8/20/2008 08:48:00 AM
Tuesday, August 19, 2008
Just a word about mean-spirited jokes.
When my friend and I first conceived of the idea to travel to Denver, we deliberately failed to tell a mutual friend our plans. This friend, you see, is extremely fond of Denver, and we thought it would be novel to not speak a word about our journey until we had arrived in the city whereupon we would send her a picture of us with the Rocky Mountains in the background, thus eliciting a priceless response about the fact that she had not been invited to join us. In this regard we were correct. Her response was magnificent. For every action, however, there is an equal and opposite reaction. I cannot help but think it only fitting that it rained every day of our vacation.
The rain dampened our shoes but not our spirits as we traipsed about 16th Street on day 1. On day 2, it was a bit annoying to traverse the entire Denver Zoo with flimsy umbrellas only to discover that the majority of the animals were hiding indoors and avoiding the inclement weather. It was an utter disappointment, however, to discover on day 3 that we would not be permitted to ascend Pike's Peak due to rain at the bottom and snow at the top. Fog covered the heights, thus prohibiting us from even seeing the mountain, and frightening costs prevented us from meandering across the abyss that is Royal Gorge. The good news is that the weather was quite pleasant - a spring-like seventy degrees - as we sat for hours in our stuffy vehicle for the drive home.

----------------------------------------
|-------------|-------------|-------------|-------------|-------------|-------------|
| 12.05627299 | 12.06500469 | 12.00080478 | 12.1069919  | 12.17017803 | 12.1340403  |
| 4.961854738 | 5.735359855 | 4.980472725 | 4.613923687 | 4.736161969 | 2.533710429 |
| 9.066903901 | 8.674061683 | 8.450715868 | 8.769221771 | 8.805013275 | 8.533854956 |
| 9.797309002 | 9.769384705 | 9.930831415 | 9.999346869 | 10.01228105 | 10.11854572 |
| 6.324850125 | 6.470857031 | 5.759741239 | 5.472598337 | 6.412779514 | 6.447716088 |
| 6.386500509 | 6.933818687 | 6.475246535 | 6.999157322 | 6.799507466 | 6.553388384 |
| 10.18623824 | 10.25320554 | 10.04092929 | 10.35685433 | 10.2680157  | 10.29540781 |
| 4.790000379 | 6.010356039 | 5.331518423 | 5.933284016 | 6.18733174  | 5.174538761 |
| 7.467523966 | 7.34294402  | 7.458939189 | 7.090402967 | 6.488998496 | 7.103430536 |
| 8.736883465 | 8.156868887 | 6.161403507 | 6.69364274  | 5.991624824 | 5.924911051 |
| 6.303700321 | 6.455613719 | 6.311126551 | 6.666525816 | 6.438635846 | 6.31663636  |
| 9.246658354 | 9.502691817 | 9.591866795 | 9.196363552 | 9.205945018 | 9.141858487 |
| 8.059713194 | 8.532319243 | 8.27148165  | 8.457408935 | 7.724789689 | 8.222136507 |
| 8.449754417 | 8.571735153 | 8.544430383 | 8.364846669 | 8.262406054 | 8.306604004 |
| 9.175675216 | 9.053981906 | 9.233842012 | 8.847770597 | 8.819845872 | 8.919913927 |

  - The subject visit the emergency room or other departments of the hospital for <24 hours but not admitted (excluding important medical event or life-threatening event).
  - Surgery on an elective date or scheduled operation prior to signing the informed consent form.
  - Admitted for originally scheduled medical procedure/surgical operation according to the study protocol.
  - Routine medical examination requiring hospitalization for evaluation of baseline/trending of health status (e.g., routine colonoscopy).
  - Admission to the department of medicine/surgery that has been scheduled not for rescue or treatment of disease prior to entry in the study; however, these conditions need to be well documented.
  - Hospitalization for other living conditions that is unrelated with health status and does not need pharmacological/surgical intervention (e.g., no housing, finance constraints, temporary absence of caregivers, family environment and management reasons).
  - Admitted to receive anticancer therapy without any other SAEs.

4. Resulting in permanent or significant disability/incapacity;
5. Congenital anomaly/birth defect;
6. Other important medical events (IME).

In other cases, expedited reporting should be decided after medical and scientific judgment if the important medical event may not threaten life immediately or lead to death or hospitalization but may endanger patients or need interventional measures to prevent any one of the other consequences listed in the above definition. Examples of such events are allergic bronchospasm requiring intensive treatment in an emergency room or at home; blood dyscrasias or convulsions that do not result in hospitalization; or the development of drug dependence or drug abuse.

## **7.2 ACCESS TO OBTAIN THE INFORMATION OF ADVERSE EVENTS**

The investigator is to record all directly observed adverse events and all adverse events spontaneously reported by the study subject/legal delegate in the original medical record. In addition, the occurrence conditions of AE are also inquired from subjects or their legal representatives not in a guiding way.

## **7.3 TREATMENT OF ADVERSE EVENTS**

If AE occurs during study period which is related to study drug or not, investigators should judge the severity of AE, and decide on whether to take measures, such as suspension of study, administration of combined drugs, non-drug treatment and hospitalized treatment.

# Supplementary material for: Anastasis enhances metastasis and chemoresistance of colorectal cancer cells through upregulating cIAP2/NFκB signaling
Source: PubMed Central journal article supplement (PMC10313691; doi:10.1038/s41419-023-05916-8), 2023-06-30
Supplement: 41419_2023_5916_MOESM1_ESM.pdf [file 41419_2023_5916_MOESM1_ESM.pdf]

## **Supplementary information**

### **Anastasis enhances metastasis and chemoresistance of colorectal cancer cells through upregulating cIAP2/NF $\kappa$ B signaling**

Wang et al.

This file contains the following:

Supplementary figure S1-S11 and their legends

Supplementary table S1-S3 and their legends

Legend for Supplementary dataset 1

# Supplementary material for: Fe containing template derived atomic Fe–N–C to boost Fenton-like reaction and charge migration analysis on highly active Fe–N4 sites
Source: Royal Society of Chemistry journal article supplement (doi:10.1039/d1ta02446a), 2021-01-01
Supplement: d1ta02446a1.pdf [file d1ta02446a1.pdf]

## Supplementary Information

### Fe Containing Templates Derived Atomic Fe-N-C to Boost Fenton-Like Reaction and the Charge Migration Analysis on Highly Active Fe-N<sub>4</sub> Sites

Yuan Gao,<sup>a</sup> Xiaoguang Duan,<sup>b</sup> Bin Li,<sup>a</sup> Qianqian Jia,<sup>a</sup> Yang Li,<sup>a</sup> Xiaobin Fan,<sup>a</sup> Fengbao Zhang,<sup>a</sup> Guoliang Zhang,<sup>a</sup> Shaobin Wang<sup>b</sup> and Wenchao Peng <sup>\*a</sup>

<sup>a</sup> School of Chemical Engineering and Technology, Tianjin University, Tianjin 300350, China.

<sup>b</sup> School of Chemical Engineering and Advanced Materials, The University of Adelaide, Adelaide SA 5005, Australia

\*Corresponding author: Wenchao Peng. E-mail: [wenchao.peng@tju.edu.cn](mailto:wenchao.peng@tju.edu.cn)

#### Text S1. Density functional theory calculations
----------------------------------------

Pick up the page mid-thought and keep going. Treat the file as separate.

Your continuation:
You may draw your own conclusions as to the moral of this story.
8/19/2008 08:37:00 AM
Monday, August 18, 2008
Saint Paul is here and standing! He arrived here at 8:14am on Friday, 15 August in the year of Our Lord 2008 - the Solemnity of the Assumption of Saint Mary. Installation was completed shortly before 11am.
My thanks to Ben for keeping us up-to-date with the finalization of the construction on the pillar which now holds our original, custom-made statue of Saint Paul. The statue was designed by Angelo Gherardi in Park Ridge, Illinios - very near Chicago. The sculptor was Franco Dolfi - an Italian artist whose studio is in Tuscany. There were many donors who contributed to this project; the principle donors are a husband-wife team: John and Kay (pictured here with some of their family members). This author had previously reported that these benefactors had chosen to remain anonymous; please accept both my apology as well as my retraction and correction of this point.
Now, say and comment as you will, but this author was so excited to have the Saint Paul statue come that I had a hard time going to bed the night before. No later than 7am, we already had crews, seminary staff, and onlookers gathering in the courtyard in anticipation of the arrival of Saint Paul.
During this interim time, our crews tested all of the machinery and triple-checked that all were ready to execute the plans. So, here was the idea: 1) the statue would arrive and be unloaded into the lot to the East of the seminary; 2) the statue would be attached to a crane; 3) the crane would lift the statue and transfer it directly to the pillar - 170 feet away.